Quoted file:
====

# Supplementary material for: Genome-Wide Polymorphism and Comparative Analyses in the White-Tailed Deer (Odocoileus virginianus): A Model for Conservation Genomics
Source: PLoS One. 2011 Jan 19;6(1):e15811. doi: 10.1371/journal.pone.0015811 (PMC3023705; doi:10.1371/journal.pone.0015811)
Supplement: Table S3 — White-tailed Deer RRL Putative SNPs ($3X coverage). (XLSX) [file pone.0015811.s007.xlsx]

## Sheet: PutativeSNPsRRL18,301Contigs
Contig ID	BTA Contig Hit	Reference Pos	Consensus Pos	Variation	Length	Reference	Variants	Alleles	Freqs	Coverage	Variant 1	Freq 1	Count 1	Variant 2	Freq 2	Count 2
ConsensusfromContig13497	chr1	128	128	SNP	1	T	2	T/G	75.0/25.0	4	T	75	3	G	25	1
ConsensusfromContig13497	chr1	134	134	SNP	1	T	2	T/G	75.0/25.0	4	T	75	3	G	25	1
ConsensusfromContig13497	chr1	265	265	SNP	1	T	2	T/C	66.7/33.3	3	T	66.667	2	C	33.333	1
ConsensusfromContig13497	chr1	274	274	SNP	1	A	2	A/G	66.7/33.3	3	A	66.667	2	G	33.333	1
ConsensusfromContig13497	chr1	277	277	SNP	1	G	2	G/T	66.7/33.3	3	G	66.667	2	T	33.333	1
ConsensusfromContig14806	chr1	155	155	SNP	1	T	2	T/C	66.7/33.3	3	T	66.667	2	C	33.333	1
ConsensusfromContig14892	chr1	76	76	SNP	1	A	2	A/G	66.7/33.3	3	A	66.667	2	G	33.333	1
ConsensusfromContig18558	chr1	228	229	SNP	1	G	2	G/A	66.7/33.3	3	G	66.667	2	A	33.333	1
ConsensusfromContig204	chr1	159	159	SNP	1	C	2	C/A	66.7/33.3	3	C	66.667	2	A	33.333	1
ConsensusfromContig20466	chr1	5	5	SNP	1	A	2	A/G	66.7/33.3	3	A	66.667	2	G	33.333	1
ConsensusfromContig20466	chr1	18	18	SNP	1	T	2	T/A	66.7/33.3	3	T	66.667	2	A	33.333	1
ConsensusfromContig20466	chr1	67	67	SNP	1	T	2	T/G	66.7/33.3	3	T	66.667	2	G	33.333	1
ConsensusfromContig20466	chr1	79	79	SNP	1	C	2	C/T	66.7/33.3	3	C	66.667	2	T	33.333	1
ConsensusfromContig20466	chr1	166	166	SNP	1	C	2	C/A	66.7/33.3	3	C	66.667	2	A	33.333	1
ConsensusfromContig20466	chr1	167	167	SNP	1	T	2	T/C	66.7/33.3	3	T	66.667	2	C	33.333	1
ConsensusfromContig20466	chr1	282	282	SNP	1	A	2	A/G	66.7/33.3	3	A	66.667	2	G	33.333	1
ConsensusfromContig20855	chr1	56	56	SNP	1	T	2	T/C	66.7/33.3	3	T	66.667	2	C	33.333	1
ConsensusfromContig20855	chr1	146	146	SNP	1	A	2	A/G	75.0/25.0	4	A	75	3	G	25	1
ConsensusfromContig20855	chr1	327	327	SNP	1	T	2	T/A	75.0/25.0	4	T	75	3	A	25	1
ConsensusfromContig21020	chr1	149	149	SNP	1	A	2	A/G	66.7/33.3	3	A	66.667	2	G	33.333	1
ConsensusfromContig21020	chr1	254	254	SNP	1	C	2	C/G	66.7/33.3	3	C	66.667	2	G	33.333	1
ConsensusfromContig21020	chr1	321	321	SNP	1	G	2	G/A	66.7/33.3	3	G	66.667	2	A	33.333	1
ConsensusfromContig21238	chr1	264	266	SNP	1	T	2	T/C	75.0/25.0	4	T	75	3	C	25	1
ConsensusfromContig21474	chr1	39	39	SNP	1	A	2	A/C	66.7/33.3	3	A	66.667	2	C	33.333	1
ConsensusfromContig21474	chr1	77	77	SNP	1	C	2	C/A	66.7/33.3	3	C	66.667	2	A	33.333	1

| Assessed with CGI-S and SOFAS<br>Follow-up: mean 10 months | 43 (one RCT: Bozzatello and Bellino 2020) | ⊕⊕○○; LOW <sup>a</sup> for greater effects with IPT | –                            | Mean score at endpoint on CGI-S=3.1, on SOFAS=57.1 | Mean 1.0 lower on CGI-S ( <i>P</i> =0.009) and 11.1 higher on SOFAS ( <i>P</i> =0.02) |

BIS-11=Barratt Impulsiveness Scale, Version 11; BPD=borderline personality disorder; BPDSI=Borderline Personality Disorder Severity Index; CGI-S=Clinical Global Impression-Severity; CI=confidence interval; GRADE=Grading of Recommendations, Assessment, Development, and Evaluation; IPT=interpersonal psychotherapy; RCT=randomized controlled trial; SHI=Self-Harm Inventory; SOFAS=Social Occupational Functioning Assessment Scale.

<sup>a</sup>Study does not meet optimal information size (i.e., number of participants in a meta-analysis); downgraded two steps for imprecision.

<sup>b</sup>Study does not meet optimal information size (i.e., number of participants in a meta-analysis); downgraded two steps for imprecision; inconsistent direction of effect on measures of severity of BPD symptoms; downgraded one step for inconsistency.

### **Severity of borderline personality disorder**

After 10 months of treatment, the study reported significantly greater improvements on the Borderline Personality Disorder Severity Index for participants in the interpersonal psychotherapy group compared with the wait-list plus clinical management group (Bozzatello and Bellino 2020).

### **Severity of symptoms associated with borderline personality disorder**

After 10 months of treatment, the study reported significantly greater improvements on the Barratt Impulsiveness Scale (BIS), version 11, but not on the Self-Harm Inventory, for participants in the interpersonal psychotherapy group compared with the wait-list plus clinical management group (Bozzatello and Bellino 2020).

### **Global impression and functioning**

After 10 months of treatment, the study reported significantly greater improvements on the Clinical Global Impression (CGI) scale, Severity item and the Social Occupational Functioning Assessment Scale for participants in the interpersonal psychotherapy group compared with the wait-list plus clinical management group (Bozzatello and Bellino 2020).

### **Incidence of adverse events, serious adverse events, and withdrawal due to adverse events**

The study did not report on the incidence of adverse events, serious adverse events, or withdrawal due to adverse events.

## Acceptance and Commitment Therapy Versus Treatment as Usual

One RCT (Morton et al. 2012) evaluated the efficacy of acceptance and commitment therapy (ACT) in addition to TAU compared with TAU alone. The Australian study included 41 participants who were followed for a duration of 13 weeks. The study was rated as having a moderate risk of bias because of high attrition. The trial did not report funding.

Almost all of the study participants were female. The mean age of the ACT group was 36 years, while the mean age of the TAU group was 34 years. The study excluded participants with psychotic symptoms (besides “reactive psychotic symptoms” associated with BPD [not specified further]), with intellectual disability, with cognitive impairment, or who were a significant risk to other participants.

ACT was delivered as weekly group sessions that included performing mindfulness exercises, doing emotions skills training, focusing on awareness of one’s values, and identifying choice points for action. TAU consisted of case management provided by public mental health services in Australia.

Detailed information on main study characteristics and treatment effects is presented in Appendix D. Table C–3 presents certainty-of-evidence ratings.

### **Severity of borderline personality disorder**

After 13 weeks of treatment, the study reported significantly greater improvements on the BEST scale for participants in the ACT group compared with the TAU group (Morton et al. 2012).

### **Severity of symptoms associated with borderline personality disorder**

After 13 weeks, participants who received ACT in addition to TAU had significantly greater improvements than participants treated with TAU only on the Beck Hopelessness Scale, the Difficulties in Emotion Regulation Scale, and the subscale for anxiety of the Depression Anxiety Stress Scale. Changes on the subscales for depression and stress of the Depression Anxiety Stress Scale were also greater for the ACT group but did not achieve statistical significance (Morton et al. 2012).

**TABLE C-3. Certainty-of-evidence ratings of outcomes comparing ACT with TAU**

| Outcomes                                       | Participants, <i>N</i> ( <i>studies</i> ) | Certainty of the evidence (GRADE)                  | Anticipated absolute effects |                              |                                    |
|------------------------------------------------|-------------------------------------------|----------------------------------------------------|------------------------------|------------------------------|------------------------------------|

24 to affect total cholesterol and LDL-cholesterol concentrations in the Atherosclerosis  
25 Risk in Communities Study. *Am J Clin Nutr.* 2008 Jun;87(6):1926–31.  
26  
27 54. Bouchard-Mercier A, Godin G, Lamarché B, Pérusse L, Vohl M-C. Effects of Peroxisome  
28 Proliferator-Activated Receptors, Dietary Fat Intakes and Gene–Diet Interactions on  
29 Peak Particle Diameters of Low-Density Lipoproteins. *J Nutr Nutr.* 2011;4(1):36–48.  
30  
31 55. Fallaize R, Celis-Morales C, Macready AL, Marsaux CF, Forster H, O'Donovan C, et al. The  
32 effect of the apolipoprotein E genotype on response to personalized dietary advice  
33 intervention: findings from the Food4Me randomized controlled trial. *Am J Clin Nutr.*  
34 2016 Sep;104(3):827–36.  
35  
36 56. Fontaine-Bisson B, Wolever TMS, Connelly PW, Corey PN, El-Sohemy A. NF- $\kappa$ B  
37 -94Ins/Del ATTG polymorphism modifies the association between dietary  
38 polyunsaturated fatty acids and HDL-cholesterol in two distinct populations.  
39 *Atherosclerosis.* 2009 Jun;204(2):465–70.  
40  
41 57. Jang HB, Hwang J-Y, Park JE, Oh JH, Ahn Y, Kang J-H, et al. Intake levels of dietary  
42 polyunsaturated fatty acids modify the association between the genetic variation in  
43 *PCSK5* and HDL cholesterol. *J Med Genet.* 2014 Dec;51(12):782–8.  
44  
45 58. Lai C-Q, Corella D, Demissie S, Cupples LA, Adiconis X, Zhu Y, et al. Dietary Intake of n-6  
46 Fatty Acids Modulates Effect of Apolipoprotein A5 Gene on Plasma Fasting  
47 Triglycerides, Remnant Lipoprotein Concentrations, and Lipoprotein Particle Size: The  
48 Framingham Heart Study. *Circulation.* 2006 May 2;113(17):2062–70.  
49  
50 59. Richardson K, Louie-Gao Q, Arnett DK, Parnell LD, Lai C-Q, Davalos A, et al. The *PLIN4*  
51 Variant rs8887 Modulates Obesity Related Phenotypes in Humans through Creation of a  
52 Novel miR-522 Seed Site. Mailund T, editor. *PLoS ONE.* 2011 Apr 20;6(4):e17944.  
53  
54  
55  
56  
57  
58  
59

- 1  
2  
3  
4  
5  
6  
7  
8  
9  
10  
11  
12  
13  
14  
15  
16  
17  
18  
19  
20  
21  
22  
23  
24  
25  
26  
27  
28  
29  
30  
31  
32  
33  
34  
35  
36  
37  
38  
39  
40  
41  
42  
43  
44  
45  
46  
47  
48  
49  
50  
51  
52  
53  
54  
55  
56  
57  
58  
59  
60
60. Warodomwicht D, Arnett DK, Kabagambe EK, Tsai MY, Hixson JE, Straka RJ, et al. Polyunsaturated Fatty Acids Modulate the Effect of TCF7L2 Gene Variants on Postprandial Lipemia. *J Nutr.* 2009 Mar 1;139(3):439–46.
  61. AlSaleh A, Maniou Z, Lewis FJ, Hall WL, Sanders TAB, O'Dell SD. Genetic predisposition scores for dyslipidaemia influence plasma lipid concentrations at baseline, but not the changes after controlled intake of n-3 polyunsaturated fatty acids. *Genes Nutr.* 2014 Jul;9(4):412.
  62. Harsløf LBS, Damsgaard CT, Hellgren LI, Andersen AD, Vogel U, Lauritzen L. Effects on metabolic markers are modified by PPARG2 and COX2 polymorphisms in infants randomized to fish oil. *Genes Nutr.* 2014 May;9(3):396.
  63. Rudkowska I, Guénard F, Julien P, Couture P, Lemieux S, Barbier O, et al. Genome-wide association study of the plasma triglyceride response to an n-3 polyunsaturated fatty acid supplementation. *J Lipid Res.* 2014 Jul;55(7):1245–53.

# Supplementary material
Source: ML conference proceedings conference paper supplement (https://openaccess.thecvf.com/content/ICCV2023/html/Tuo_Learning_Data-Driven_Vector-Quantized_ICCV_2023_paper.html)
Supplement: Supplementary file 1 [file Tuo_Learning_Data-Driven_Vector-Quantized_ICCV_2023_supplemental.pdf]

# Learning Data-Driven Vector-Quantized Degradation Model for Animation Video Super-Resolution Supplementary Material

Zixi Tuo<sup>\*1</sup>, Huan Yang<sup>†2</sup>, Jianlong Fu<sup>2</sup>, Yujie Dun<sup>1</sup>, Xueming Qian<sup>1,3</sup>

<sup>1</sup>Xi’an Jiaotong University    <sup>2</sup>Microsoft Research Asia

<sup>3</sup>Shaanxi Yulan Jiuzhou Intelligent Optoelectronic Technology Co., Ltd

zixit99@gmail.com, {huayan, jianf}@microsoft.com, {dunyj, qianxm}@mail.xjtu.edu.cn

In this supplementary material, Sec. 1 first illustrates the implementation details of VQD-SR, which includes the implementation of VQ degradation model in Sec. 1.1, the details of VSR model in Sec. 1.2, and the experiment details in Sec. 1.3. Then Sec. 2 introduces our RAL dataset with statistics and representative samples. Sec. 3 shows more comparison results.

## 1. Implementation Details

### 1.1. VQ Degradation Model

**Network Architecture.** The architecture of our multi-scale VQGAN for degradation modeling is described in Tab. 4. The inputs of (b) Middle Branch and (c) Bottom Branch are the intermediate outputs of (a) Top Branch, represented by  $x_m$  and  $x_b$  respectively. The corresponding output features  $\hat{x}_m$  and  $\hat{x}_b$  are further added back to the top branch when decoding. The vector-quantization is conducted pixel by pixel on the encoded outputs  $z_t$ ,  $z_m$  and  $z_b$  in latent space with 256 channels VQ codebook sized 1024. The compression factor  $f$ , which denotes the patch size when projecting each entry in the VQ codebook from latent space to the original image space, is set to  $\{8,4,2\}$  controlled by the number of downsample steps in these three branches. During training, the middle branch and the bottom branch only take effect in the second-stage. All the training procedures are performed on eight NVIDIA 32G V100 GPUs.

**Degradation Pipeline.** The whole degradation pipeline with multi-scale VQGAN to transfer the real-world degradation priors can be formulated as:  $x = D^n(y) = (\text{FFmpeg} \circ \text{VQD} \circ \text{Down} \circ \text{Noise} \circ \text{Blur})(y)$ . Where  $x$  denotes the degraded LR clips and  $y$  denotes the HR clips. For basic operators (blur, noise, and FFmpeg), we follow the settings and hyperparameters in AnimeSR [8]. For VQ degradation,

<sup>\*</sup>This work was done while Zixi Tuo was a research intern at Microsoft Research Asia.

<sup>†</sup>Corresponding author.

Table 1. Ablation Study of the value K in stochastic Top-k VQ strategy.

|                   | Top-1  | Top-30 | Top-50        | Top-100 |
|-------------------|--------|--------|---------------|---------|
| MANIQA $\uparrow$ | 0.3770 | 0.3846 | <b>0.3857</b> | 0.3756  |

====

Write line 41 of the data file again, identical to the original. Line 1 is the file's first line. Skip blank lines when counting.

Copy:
### **Incidence of adverse events, serious adverse events, and withdrawal due to adverse events**